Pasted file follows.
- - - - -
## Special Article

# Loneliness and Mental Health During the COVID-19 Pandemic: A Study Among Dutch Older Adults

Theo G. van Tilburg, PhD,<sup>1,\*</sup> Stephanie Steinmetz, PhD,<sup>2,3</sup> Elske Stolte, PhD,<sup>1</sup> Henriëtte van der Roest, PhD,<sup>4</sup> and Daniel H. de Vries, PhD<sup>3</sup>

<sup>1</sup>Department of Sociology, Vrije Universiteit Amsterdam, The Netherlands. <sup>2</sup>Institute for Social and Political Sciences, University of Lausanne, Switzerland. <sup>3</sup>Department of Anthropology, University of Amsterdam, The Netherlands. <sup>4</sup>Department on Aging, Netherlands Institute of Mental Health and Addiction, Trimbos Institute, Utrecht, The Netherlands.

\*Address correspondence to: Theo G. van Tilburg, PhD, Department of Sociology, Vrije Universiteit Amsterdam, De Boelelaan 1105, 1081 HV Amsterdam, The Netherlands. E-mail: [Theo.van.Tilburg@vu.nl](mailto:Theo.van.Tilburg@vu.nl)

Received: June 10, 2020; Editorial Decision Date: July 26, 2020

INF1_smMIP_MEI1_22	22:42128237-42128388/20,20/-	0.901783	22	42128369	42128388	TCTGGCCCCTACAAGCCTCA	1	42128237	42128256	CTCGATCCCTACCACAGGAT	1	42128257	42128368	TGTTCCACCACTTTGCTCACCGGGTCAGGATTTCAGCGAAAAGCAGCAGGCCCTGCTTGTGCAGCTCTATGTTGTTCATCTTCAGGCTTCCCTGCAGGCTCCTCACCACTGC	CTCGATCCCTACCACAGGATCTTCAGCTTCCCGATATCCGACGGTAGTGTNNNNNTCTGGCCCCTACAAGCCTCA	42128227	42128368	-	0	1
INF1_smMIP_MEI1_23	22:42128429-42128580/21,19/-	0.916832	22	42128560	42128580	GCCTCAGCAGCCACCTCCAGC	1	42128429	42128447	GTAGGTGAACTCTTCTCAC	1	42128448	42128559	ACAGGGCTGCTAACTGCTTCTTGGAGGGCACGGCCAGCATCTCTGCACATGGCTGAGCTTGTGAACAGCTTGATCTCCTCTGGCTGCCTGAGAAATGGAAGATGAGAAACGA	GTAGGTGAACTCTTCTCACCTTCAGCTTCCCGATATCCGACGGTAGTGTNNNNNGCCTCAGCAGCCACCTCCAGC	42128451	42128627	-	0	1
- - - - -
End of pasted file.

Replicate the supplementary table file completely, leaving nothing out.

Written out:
## Special Article

# Loneliness and Mental Health During the COVID-19 Pandemic: A Study Among Dutch Older Adults

Theo G. van Tilburg, PhD,<sup>1,\*</sup> Stephanie Steinmetz, PhD,<sup>2,3</sup> Elske Stolte, PhD,<sup>1</sup> Henriëtte van der Roest, PhD,<sup>4</sup> and Daniel H. de Vries, PhD<sup>3</sup>

<sup>1</sup>Department of Sociology, Vrije Universiteit Amsterdam, The Netherlands. <sup>2</sup>Institute for Social and Political Sciences, University of Lausanne, Switzerland. <sup>3</sup>Department of Anthropology, University of Amsterdam, The Netherlands. <sup>4</sup>Department on Aging, Netherlands Institute of Mental Health and Addiction, Trimbos Institute, Utrecht, The Netherlands.

\*Address correspondence to: Theo G. van Tilburg, PhD, Department of Sociology, Vrije Universiteit Amsterdam, De Boelelaan 1105, 1081 HV Amsterdam, The Netherlands. E-mail: [Theo.van.Tilburg@vu.nl](mailto:Theo.van.Tilburg@vu.nl)

Received: June 10, 2020; Editorial Decision Date: July 26, 2020

INF1_smMIP_MEI1_22	22:42128237-42128388/20,20/-	0.901783	22	42128369	42128388	TCTGGCCCCTACAAGCCTCA	1	42128237	42128256	CTCGATCCCTACCACAGGAT	1	42128257	42128368	TGTTCCACCACTTTGCTCACCGGGTCAGGATTTCAGCGAAAAGCAGCAGGCCCTGCTTGTGCAGCTCTATGTTGTTCATCTTCAGGCTTCCCTGCAGGCTCCTCACCACTGC	CTCGATCCCTACCACAGGATCTTCAGCTTCCCGATATCCGACGGTAGTGTNNNNNTCTGGCCCCTACAAGCCTCA	42128227	42128368	-	0	1
INF1_smMIP_MEI1_23	22:42128429-42128580/21,19/-	0.916832	22	42128560	42128580	GCCTCAGCAGCCACCTCCAGC	1	42128429	42128447	GTAGGTGAACTCTTCTCAC	1	42128448	42128559	ACAGGGCTGCTAACTGCTTCTTGGAGGGCACGGCCAGCATCTCTGCACATGGCTGAGCTTGTGAACAGCTTGATCTCCTCTGGCTGCCTGAGAAATGGAAGATGAGAAACGA	GTAGGTGAACTCTTCTCACCTTCAGCTTCCCGATATCCGACGGTAGTGTNNNNNGCCTCAGCAGCCACCTCCAGC	42128451	42128627	-	0	1